Upon entering the “farm” we are asked to put on special glasses because of the LED lights; the purple haze may transport you to a Jimi Hendrix concert, but the 300 feet of hanging plant panels before you will remind you that you are in fact inside a shipping container turned farm. To the right is a propagation table where the growing process begins; atop the table is a computer, the brains of the entire operation. The software — the code was developed from scratch at Boxcar Central — keeps track of everything from “seed to sale.” The propagation table holds about 2,800 plants per cycle. After 10 days in the table, the plants are transported to the hanging panels. A holding tank, hanging overhead to the left, pumps the nutrients through a chiller to keep the water temperature consistent. The resulting mist is sprayed from hundreds of tiny sprayers onto the plants’ roots three to four seconds every 10 minutes. “At the end of the day,” says Swackhamer, “a lot of what we’re doing is an analytics project. We’re trying to get the best possible produce in the shortest amount of time.” As a former teacher, Swackhamer says she loves this problem-solving, data-driven approach to growing. And the best part? TCF can share this technology with other farmers.
“The end goal,” says Swackhamer, “is that a customer will ask us, ‘OK, how do we grow blank?’ and we can tell them ‘here’s the framework, if you want bok choy you need to use this light integral, for arugula set these CO2 levels.’ We’re taking the automation of an algorithm and breaking it down.” Sound complex? Well, it is, at first, but TCF wants to work out all the kinks and provide customers with a product that is pretty straightforward to use, “my goal is for people to understand that it’s not that complicated,” says Swackhamer. “At the end of the day, it’s still growing, they are plants that need light, water, and nutrients.”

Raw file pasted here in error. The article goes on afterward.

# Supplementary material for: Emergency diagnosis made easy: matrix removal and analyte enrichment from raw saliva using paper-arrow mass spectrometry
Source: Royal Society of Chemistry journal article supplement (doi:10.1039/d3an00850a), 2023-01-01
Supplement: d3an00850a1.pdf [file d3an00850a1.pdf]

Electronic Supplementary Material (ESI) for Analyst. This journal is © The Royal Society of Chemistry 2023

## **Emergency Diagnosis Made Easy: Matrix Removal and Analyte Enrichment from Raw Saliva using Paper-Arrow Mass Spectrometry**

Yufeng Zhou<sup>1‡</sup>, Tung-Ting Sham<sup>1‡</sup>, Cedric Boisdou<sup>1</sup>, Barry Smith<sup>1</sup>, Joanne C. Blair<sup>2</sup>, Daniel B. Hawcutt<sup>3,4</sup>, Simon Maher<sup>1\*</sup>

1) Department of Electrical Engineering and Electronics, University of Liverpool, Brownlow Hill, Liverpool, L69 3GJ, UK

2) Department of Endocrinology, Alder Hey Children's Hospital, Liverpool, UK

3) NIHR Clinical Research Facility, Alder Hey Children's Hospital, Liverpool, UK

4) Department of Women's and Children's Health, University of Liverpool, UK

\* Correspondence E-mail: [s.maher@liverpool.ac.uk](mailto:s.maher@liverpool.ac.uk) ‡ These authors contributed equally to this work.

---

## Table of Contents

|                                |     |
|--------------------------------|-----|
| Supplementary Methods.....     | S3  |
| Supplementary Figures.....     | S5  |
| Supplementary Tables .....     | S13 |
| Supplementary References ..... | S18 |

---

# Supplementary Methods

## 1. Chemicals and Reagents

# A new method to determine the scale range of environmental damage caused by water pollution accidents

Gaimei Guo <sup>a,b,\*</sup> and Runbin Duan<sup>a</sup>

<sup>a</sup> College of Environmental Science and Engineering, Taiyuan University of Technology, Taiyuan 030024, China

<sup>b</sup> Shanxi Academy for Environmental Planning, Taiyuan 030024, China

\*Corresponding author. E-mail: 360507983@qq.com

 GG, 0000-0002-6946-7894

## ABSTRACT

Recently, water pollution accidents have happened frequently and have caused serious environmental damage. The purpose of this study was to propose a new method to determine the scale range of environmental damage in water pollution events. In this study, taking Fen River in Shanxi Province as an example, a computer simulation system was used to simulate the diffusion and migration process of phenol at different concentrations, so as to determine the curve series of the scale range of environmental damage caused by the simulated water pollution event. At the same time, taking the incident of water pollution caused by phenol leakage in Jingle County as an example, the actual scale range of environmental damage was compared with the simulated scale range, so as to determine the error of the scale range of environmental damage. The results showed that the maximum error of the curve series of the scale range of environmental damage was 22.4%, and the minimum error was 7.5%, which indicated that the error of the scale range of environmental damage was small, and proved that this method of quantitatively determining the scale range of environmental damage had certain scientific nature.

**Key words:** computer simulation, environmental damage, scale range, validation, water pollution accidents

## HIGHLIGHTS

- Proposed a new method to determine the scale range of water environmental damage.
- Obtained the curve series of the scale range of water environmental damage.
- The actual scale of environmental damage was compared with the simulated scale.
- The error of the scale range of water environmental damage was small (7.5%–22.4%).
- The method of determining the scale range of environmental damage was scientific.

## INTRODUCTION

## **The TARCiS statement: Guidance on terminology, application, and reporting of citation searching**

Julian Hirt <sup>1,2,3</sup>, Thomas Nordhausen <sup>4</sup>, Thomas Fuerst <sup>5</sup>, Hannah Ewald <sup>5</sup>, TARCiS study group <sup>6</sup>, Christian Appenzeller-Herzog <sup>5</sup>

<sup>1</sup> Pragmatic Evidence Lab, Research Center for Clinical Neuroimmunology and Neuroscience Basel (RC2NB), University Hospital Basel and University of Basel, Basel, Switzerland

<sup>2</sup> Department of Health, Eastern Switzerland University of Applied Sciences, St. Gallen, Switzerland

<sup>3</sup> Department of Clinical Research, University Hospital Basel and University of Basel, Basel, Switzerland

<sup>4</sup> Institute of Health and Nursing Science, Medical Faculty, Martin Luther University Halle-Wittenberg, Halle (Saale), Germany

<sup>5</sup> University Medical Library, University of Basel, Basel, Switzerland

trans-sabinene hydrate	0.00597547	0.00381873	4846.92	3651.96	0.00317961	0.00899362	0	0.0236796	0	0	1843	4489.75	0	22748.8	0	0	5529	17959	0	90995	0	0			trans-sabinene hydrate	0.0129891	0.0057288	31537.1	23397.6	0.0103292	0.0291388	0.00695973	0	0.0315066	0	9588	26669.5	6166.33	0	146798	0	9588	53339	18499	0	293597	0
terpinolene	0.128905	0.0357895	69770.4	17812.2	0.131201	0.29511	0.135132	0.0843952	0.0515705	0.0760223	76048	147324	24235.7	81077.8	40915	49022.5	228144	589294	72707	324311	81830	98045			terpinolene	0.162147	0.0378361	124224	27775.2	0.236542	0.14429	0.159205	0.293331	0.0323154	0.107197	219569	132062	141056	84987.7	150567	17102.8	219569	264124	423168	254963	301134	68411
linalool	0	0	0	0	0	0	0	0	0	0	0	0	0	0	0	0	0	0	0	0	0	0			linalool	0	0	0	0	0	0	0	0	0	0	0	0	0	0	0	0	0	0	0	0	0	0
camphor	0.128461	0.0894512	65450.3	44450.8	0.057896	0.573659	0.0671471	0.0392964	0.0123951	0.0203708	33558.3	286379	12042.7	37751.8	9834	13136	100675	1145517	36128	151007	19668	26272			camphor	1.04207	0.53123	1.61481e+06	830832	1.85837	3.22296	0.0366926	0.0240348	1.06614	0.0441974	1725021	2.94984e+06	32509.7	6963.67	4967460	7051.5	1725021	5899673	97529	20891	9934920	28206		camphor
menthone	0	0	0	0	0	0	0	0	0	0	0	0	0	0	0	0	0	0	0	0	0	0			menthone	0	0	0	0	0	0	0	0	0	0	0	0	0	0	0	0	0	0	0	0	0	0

Aeroponics in action
So who is the customer base for these atypical farms? At $85,000 a pop, the containers aren’t cheap, but, says Swackhamer, they really aren’t that pricey when you look at most farm equipment. “This is a turnkey system,” she says, “plus, there are endless grant opportunities, whether it be for STEM, sustainability … so many categories that this could fall under. When we come across someone who we think is the perfect fit, we let them know we can help them figure it out. Money is never the problem. Plan and execution is the only real issue. And it’s not just a piece of equipment, it’s a whole farm.”
The Citadel has already purchased one of the farms; it will be run by cadets as part of a sustainability/environmental studies minor — working in the farm will be an optional Capstone project. The resulting produce will go into the mess hall’s salad bar. Another farm is being shipped to a family in Athens, Ga. who will use it for a roadside stand. “We’ve had all kinds of inquiries,” says Swackhamer, “and we’re just rolling with it.”
Daniels’ has his own Vertical Roots farm onsite, and once he has a consistent framework in place, he plans to start selling boutique plants direct to chef. Should local farmers be worried about competition in the kitchen? No, says Clow: “Chefs are pretty loyal to the farmers they use. I think TCF has the ability to hit other markets that folks aren’t hitting now, and chefs will make room for the TCF products because they will be unique.”